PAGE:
Wednesday, 30 November 2022

Creationism in Crisis - Old World Flycatchers’ Family Tree Mapped

Old World flycatchers’ family tree mapped - Uppsala University, Sweden
European robin in snow
European robin, Erithacus rubecula
Photograph: Tomas Carlberg
In yet another casual refutation of the plaintive Creationist assertion that the Theory of Evolution (TOE) is about to be overthrown by their childish Bronze Age superstition, scientists from Uppsala and Gothenburg Universities, Sweden and Florida University, USA, have produced a family tree of the Old World flycatchers - a family of birds that includes the European Robin.

In doing so, they found not the slightest hint that the TOE is inadequate to explain the observations. In fact, as expected, it is entirely consistent with what they found.

As the article in Uppsala University news by Elin Bäckström explains:

The fact that the European and Japanese robins are so similar-looking despite not being closely related is one of many examples of so-called convergent evolution in this group of birds. Similarities in appearance can evolve in distant relatives, e.g., as a result of similarities in lifestyle.

Per Alström, corresponding author
Animal Ecology
Department of Ecology and Genetics
Evolutionary Biology Centre
Uppsala University, Norbyvägen, Uppsala, Sweden
The European robin’s closest relatives are found in tropical Africa. The European robin is therefore not closely related to the Japanese robin, despite their close similarity in appearance. This is confirmed by a new study of the Old World flycatcher family, to which these birds belong. The study comprises 92 per cent of the more than 300 species in this family.

The Old World flycatcher family comprises birds belonging to more than 300 species that are distributed across Europe, Asia and Africa. The family includes not only flycatchers, but also nightingales, chats, wheatears, redstarts, whistling-thrushes, forktails and other exotic groups. Twelve species breed in Sweden, of which the European robin, the pied flycatcher and the thrush nightingale are the most well-known. All except three of these species winter in sub-Saharan Africa or southern Asia.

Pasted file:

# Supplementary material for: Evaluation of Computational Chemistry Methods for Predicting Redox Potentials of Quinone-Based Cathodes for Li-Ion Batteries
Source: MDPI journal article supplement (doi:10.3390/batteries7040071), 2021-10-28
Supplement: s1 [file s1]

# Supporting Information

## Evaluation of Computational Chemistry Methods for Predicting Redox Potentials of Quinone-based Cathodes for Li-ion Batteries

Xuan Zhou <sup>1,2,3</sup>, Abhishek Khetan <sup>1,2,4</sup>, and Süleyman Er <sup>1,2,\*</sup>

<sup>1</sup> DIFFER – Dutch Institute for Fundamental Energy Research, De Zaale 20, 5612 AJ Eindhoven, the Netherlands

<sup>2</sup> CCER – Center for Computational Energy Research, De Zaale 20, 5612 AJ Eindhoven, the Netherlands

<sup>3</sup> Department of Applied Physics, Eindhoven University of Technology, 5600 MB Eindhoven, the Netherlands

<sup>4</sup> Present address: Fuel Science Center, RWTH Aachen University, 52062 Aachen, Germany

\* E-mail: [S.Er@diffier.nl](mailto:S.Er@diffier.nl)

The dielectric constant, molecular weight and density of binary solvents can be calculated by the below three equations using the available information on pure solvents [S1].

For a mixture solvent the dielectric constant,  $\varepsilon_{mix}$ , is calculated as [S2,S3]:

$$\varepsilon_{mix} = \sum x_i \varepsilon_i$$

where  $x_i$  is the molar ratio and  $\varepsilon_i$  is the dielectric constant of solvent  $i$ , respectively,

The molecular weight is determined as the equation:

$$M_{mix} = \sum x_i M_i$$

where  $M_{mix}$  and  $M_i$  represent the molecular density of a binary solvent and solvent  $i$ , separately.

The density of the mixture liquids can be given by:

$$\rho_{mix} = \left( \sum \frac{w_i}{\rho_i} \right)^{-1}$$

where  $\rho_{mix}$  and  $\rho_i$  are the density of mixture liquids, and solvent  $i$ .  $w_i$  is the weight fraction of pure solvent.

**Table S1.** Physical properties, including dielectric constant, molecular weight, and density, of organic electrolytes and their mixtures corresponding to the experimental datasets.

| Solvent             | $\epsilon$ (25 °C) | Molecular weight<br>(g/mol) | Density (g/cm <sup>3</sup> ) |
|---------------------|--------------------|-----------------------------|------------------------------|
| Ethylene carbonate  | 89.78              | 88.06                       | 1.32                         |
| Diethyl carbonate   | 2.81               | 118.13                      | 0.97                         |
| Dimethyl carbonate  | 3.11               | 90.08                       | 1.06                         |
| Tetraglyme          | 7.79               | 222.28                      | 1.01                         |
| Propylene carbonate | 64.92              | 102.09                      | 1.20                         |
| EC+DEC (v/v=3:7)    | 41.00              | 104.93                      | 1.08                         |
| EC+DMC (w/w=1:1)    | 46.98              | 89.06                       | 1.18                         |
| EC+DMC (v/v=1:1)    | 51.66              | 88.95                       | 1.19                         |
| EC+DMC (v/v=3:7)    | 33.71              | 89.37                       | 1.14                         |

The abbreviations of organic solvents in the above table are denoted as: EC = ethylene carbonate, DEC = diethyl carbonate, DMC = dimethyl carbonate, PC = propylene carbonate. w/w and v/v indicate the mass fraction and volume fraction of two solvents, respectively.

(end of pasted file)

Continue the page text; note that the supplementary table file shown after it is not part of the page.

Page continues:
Japanese Robin
Japanese robin, Larvivora akahige
The Japanese robin is not closely related to the European robin Erithacus rubecula.

Photograph: Craig Brelsford

Species that are named flycatchers are placed on many different branches in the family tree, and hence belong to groups that are not closely related. With respect to the Swedish flycatchers, the pied, collared and red-breasted flycatchers are closely related to each other, while the spotted flycatcher is a more distant relative. I never cease to be surprised by the many unexpected relationships that are revealed by DNA analyses.

Per Alström
Thrush nightingale
Singing thrush nightingale, Luscinia luscinia.

Photo: Per Alström
Researchers from Uppsala University, the University of Gothenburg and the University of Florida have used DNA to reconstruct the family tree of 92 per cent of the species in the Old World flycatcher family. This study confirms previous findings regarding relationships as well as revealing new, unexpected relationships.

Uppsala University has a long tradition of research on flycatchers, especially on pied and collared flycatchers. The present study supports the hypothesis that the bluethroat, which is colloquially called “the nightingale of the Swedish mountains”, has its closest relative in the Himalayas and the mountains of China.